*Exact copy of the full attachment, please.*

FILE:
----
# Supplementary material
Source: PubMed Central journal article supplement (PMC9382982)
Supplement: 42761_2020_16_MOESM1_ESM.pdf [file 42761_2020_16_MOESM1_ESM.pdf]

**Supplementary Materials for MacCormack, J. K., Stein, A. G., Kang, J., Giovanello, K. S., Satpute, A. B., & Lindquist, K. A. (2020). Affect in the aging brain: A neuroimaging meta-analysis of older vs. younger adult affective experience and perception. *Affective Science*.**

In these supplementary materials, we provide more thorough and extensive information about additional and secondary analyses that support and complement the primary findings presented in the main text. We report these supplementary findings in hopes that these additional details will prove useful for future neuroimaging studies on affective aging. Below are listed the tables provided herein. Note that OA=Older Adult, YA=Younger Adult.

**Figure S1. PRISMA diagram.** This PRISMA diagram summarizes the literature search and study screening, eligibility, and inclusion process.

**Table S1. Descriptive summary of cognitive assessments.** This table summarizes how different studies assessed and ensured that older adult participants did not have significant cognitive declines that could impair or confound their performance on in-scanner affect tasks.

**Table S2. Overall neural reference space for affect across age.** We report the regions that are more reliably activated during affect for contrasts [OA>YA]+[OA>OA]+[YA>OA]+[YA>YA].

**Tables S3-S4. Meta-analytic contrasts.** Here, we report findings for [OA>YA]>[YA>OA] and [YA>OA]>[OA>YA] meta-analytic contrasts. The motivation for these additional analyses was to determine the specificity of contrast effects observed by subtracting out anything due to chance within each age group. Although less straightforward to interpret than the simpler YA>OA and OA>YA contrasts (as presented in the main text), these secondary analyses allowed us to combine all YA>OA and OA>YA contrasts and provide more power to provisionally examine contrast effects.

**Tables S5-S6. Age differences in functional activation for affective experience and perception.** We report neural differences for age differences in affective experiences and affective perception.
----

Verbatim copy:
# Supplementary material
Source: PubMed Central journal article supplement (PMC9382982)
Supplement: 42761_2020_16_MOESM1_ESM.pdf [file 42761_2020_16_MOESM1_ESM.pdf]

**Supplementary Materials for MacCormack, J. K., Stein, A. G., Kang, J., Giovanello, K. S., Satpute, A. B., & Lindquist, K. A. (2020). Affect in the aging brain: A neuroimaging meta-analysis of older vs. younger adult affective experience and perception. *Affective Science*.**

In these supplementary materials, we provide more thorough and extensive information about additional and secondary analyses that support and complement the primary findings presented in the main text. We report these supplementary findings in hopes that these additional details will prove useful for future neuroimaging studies on affective aging. Below are listed the tables provided herein. Note that OA=Older Adult, YA=Younger Adult.

**Figure S1. PRISMA diagram.** This PRISMA diagram summarizes the literature search and study screening, eligibility, and inclusion process.

**Table S1. Descriptive summary of cognitive assessments.** This table summarizes how different studies assessed and ensured that older adult participants did not have significant cognitive declines that could impair or confound their performance on in-scanner affect tasks.

**Table S2. Overall neural reference space for affect across age.** We report the regions that are more reliably activated during affect for contrasts [OA>YA]+[OA>OA]+[YA>OA]+[YA>YA].

**Tables S3-S4. Meta-analytic contrasts.** Here, we report findings for [OA>YA]>[YA>OA] and [YA>OA]>[OA>YA] meta-analytic contrasts. The motivation for these additional analyses was to determine the specificity of contrast effects observed by subtracting out anything due to chance within each age group. Although less straightforward to interpret than the simpler YA>OA and OA>YA contrasts (as presented in the main text), these secondary analyses allowed us to combine all YA>OA and OA>YA contrasts and provide more power to provisionally examine contrast effects.

**Tables S5-S6. Age differences in functional activation for affective experience and perception.** We report neural differences for age differences in affective experiences and affective perception.